The high-tech industry — heck, industry in general — would be better served if academic researchers did more to bring the fruits of their labor to market faster. Or at all. That’s an old argument brought up anew by Matt Welsh, a software engineer at Google(s goog) who, in a recent blog on the topic, asserted that universities should act as VCs to bring the best of their projects to market.
Welsh said academics spend their careers working on prototypes that never see the light of day. “I sure never built anything real until I moved to Google, after nearly ten years of college and grad school, and seven years as a faculty member,” he wrote. That, in his view, is a huge waste. Others agree.
In an interview with GigaOM, Gautam Shroff, VP of Tata Consultancy Services and head of the TCS Innovation Lab in Delhi, said one of tech’s top priorities should be to accelerate commercial adoption of key academic research. “Innovation is not coming from enterprise IT, it’s coming from the consumer sector and academia. Companies need to better exploit that resource,” Shroff said.
The university as VC?
Here’s Welsh’s proposal toward that end:
What I’d like to see is a university with a startup incubator attached to it, taking all of the best ideas and turning them into companies, with a large chunk of the money from successful companies feeding back into the university to fund the next round of great ideas. This could be a perpetual motion machine to drive research. Some universities have experimented with an incubator model, but I’m not aware of any cases where this resulted in a string of successful startups that funded the next round of research projects at that university.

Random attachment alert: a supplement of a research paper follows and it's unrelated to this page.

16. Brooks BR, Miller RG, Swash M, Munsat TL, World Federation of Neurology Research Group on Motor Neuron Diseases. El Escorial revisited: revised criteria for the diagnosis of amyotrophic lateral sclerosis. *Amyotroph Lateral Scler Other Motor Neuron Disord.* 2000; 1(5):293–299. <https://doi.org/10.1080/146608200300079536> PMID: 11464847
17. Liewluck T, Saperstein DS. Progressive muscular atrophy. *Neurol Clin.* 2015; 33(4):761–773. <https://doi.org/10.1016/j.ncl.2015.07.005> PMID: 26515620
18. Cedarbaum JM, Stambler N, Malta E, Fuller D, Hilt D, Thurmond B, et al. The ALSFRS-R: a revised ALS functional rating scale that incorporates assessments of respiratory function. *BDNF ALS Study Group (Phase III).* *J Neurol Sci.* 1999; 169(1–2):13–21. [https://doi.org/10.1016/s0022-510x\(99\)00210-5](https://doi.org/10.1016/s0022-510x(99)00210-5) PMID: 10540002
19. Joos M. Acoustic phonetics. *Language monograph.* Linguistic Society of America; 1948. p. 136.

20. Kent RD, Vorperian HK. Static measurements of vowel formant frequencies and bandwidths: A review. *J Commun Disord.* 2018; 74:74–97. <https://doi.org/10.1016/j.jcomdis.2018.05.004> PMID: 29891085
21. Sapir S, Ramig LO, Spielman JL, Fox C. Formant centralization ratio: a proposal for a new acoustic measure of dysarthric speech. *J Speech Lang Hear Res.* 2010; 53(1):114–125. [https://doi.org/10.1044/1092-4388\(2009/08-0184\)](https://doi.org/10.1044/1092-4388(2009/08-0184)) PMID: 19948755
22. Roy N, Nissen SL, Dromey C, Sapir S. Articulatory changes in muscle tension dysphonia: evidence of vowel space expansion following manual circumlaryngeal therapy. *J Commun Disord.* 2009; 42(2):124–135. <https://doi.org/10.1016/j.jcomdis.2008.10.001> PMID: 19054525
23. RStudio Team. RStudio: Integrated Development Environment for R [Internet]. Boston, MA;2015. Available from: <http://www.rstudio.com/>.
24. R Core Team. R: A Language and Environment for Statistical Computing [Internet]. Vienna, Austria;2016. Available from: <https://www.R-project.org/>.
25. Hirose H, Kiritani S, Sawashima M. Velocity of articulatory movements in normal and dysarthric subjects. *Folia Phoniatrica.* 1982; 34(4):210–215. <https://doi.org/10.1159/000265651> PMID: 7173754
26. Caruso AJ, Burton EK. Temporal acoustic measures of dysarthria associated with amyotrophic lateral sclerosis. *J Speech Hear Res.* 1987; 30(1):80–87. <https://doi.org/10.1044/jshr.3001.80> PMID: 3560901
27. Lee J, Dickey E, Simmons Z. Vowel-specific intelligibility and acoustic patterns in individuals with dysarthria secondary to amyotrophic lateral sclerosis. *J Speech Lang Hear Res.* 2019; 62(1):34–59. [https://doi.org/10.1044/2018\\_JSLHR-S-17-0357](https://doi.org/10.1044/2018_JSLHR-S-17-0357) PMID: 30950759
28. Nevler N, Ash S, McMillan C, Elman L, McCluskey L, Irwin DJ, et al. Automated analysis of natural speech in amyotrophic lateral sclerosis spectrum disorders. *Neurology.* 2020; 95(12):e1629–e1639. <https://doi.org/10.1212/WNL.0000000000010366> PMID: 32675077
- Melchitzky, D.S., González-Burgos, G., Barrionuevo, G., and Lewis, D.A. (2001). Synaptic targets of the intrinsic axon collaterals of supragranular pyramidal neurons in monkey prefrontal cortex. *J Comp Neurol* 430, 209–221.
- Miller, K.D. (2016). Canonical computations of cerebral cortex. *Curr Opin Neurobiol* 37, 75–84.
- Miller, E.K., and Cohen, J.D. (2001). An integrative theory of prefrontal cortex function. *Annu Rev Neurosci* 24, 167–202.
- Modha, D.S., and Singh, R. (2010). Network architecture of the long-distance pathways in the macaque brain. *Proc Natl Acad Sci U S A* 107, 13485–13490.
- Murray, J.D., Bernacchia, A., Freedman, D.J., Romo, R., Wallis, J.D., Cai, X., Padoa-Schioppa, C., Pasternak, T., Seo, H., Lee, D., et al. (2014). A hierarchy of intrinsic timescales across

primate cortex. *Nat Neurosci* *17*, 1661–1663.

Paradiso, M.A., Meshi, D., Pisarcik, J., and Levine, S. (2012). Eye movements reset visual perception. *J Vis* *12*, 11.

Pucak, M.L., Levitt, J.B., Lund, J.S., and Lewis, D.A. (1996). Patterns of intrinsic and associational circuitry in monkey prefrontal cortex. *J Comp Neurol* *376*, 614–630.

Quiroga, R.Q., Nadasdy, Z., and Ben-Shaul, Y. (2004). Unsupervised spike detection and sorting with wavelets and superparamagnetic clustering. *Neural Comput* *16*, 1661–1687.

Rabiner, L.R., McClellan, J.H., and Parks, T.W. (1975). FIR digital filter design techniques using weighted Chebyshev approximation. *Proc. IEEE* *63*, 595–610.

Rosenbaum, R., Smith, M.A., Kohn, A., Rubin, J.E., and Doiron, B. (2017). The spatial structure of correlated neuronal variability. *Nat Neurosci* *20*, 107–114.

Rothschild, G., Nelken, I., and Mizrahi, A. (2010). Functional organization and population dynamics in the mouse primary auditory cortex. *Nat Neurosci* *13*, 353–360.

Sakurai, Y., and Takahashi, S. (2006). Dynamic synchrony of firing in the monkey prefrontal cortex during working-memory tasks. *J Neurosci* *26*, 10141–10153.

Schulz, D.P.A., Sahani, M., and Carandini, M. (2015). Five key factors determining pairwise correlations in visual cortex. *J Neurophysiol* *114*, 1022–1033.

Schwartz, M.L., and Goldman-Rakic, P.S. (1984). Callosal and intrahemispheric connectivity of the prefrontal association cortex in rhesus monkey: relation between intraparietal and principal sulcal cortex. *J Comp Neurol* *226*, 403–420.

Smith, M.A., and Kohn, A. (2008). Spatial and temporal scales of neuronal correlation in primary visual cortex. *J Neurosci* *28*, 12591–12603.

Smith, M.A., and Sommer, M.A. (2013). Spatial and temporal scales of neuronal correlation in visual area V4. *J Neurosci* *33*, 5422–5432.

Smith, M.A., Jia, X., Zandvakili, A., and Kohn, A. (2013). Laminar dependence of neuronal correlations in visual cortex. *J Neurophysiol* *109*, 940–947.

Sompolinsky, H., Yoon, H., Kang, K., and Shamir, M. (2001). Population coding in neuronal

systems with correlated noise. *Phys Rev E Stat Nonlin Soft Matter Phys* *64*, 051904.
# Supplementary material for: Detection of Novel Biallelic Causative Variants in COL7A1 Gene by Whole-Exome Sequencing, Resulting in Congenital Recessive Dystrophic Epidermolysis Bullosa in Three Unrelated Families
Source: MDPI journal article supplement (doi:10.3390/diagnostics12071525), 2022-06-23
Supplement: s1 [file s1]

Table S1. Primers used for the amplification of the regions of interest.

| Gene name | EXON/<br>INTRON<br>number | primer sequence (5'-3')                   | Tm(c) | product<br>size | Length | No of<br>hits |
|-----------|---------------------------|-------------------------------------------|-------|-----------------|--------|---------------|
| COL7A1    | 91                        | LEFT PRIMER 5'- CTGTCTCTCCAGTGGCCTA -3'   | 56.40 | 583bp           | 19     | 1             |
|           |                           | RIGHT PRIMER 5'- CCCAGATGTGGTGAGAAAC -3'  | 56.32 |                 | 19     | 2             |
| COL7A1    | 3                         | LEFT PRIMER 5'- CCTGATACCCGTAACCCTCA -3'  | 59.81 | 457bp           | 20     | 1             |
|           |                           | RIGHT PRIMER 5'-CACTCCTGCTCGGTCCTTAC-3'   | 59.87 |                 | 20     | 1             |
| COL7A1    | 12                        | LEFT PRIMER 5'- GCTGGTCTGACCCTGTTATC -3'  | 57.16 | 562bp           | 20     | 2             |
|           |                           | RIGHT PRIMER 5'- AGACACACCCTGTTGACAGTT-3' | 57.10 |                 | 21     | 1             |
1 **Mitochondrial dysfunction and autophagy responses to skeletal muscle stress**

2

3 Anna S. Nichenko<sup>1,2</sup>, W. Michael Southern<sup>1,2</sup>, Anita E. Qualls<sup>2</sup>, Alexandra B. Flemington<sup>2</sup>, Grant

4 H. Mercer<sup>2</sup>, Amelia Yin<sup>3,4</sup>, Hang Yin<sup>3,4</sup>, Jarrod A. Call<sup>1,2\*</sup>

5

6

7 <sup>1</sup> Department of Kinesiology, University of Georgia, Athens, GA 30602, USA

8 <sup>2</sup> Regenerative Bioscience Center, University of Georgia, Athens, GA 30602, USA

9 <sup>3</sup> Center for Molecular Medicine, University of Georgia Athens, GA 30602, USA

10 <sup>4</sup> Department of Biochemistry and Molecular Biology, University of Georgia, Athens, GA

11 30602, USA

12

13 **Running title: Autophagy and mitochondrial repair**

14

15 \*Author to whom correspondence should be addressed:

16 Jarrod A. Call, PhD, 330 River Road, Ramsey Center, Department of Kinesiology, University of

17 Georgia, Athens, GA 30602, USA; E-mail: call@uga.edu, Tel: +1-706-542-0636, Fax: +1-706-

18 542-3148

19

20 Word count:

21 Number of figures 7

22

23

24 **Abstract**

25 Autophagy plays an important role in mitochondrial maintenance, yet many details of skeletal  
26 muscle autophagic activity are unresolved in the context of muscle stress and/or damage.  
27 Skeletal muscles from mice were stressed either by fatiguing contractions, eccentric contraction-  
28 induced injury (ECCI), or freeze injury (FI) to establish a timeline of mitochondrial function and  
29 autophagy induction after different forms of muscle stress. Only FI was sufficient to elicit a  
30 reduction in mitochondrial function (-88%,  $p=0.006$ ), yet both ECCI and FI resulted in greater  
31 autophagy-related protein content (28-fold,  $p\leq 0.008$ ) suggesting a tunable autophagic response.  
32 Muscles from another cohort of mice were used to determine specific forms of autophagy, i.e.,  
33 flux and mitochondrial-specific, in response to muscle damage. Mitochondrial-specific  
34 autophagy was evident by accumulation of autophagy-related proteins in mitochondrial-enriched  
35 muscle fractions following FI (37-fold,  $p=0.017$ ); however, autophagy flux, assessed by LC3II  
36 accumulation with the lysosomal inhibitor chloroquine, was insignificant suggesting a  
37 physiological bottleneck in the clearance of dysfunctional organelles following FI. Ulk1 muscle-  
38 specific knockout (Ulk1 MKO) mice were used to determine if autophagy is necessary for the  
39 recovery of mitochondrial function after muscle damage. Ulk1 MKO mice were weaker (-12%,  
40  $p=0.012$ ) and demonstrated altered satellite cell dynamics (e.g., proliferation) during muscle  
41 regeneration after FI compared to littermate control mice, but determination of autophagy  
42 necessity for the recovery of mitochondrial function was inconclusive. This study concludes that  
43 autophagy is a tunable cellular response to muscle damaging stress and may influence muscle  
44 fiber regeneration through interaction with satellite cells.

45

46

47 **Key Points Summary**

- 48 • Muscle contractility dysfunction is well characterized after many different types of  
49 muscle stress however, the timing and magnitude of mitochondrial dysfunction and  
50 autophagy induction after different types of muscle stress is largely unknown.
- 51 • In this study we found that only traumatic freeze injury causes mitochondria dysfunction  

Stanford University’s StartX program probably comes closest to what he has in mind, but he’d go further to build a university around an incubator model, where faculty members are expected to transfer technology and the “whole structure of the curriculum and research programs are centered around the idea of spinning out spinning out companies,” Welsh said via email.
For example, for all the startups coming out of MIT, that school has no formal incubator program. Instead, it licenses technologies developed there to outside companies.
In email, Welsh acknowledged the need for a firewall between pure research and projects explicitly spun out to companies. In his vision, the university acts as the venture capitalist. “But, instead of using the funds to make individuals rich, you put the money back into a pool used to fund the research activities. Only when something spins out as a company will its IP be transferred to the company.”
“My argument is not that this would replace traditional universities,” he said, “but I could see this model being very attractive to students and faculty and of course makes it possible to to make a boatload of money.”